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'Liking' an Article Online May Mean Less Time Spent Reading It


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"Like" and "dislike" keys on a computer keyboard.

When people are offered the option to "like" an online article, they spend less time actually reading it, according to research from Ohio State University.

Credit: Gerd Altmann/Pixabay

Ohio State University (OSU) researchers suggest that when people are offered the option to "like" an online article, they spend less time actually reading it.

The team gauged 235 college students' attitudes on four issues—abortion, welfare benefits, gun control, and affirmative action—then showed them four versions of a news website, each tailored for one subject.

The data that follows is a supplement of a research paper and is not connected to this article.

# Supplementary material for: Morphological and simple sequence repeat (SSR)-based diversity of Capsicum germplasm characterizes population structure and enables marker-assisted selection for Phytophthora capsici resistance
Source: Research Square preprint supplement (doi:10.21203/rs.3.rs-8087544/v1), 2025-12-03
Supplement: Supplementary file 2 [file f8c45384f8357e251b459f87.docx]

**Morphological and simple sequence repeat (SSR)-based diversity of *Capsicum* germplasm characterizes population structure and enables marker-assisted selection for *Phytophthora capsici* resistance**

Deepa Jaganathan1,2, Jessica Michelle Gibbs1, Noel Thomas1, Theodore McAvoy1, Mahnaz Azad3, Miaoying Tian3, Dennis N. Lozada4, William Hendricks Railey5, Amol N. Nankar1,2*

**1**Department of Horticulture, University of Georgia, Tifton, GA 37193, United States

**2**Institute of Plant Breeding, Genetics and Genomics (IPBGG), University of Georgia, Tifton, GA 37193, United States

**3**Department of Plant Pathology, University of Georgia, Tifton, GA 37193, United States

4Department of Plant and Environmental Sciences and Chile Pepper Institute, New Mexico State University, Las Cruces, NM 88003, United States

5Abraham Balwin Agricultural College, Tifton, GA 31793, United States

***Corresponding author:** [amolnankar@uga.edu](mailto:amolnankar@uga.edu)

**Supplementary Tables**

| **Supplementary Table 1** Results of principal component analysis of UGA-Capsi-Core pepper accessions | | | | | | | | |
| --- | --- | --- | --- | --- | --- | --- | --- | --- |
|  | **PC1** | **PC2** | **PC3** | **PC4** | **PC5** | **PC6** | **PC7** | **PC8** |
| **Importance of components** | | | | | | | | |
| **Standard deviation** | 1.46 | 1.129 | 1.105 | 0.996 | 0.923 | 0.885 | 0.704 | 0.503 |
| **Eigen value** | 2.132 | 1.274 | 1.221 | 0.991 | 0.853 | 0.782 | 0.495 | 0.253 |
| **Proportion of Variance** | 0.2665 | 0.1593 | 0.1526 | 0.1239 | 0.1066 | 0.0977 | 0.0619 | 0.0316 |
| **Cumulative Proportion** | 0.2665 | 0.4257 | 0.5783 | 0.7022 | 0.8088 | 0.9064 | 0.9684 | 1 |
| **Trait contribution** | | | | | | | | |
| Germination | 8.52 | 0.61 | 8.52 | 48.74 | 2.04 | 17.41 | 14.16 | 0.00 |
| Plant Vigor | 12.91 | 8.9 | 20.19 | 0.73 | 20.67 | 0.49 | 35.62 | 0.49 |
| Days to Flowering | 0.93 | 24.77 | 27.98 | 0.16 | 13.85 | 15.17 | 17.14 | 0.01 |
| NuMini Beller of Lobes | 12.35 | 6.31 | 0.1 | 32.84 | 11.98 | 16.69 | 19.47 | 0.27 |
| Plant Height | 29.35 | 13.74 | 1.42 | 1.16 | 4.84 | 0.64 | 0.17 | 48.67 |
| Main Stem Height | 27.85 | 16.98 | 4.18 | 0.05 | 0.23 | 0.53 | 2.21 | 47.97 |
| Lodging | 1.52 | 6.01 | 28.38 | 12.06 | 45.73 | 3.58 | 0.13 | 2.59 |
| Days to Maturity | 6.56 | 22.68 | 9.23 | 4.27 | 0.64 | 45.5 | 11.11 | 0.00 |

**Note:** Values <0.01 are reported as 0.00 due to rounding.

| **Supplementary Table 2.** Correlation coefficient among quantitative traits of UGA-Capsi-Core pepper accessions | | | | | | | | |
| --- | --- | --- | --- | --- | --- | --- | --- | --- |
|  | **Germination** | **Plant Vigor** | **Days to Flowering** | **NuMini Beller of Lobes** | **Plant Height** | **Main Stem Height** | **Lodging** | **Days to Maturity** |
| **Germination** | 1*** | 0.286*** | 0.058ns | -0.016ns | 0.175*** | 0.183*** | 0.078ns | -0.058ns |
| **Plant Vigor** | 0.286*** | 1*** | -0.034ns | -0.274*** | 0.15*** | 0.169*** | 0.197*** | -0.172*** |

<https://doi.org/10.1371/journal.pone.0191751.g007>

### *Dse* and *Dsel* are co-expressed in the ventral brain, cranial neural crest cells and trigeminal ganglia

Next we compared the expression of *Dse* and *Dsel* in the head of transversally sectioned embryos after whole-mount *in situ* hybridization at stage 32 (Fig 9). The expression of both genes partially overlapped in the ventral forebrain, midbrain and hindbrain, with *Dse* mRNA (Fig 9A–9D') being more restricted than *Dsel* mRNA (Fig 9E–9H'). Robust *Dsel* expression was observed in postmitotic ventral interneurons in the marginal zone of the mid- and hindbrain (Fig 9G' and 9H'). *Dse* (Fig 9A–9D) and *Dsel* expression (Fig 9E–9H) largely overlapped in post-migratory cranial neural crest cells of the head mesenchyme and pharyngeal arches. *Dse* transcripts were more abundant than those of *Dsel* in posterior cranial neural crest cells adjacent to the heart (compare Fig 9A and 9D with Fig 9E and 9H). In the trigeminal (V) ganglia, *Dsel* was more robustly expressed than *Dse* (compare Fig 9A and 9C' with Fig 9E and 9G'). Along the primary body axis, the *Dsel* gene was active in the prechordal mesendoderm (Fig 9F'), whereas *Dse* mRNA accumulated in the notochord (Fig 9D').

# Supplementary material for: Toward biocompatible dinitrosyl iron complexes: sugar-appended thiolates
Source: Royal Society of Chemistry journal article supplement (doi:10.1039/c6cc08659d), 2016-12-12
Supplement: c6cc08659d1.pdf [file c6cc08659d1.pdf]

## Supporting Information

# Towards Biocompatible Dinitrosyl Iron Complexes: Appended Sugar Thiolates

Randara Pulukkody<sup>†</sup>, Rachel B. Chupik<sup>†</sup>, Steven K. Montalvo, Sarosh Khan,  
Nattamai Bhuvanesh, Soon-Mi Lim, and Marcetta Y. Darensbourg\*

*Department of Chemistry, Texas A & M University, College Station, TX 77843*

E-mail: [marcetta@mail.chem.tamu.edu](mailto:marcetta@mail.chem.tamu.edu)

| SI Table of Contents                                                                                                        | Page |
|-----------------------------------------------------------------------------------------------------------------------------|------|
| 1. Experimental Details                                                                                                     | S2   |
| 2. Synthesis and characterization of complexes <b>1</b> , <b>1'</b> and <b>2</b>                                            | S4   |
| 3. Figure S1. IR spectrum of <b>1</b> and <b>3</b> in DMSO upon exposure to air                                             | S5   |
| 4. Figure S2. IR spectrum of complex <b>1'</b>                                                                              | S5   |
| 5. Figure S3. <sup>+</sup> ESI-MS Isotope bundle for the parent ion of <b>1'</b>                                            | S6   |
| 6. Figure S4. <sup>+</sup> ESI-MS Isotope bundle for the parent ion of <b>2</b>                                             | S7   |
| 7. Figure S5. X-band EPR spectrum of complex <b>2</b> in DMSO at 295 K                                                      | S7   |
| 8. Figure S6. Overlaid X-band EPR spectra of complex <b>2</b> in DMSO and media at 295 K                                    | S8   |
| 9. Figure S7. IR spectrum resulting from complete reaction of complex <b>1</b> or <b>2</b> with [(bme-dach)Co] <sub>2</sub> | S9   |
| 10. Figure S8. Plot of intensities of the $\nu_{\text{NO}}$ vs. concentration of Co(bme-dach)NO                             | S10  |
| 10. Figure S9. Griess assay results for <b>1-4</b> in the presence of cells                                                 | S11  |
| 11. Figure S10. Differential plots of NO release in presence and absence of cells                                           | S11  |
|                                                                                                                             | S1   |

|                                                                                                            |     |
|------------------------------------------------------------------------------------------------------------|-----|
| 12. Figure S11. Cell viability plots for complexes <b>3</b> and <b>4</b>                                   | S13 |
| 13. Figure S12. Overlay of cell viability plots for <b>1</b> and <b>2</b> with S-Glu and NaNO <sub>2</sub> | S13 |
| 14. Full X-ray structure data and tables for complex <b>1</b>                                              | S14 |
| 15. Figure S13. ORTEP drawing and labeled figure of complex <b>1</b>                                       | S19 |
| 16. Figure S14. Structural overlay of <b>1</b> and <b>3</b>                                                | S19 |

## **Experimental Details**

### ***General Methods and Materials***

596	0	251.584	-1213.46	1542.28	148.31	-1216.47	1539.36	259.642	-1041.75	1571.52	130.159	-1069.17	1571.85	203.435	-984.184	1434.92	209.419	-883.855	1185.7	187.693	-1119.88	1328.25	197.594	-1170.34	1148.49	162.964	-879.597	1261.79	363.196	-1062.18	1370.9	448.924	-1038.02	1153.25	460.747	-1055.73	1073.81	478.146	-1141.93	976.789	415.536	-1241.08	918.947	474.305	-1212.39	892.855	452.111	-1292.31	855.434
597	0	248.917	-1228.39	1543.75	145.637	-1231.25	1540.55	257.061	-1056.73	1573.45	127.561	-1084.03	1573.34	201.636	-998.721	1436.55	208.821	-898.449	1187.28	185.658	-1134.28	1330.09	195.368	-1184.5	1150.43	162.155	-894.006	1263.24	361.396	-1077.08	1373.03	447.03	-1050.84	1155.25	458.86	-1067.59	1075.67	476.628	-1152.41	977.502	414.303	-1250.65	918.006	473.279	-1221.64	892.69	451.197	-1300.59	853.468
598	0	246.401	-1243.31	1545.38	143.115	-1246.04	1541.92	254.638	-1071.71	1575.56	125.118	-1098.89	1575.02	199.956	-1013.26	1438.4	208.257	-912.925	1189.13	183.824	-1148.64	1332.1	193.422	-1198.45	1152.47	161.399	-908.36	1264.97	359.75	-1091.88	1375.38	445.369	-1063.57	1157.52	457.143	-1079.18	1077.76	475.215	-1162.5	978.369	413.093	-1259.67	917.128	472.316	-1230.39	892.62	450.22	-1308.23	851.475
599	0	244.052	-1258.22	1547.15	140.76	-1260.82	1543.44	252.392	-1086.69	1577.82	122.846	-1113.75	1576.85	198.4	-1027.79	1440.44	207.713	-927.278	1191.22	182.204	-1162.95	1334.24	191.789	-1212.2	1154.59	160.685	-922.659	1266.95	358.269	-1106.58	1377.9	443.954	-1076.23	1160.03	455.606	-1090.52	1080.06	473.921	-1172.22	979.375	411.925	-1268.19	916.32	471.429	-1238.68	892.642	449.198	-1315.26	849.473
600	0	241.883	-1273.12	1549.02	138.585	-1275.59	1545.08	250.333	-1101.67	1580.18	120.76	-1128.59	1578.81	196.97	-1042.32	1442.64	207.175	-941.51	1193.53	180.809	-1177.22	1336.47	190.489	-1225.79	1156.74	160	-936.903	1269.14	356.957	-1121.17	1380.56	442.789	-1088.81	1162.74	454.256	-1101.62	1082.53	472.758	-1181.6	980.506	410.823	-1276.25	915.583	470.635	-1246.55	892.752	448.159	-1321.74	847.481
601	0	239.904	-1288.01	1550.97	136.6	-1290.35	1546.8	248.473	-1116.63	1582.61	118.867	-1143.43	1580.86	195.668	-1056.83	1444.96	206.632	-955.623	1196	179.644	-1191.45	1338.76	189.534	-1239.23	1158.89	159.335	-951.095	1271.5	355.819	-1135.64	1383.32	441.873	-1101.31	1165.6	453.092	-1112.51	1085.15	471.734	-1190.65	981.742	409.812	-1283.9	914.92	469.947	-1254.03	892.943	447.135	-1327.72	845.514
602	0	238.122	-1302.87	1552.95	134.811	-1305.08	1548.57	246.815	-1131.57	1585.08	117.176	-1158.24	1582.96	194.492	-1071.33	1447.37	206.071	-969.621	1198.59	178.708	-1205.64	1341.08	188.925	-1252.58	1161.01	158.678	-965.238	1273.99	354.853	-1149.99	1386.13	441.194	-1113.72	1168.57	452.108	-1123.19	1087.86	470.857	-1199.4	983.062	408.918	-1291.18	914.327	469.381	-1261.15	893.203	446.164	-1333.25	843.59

Each webpage featured headlines and tje first paragraphs for four articles, with alternating conservative and liberal slants.

Participants spent about 7% less time reading articles on controversial subjects when they had the opportunity to vote on them than if there was no interactive component, especially when articles followed their point of view.

Their attitudes toward such topics were amplified after voting on articles that conformed with their views, even when they spent less time reading the text.

OSU's Daniel Sude said, "Rather than increasing engagement with website content, having the ability to interact may actually distract from it."

From Ohio State News
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Abstracts Copyright © 2020 SmithBucklin, Washington, DC, USA


 

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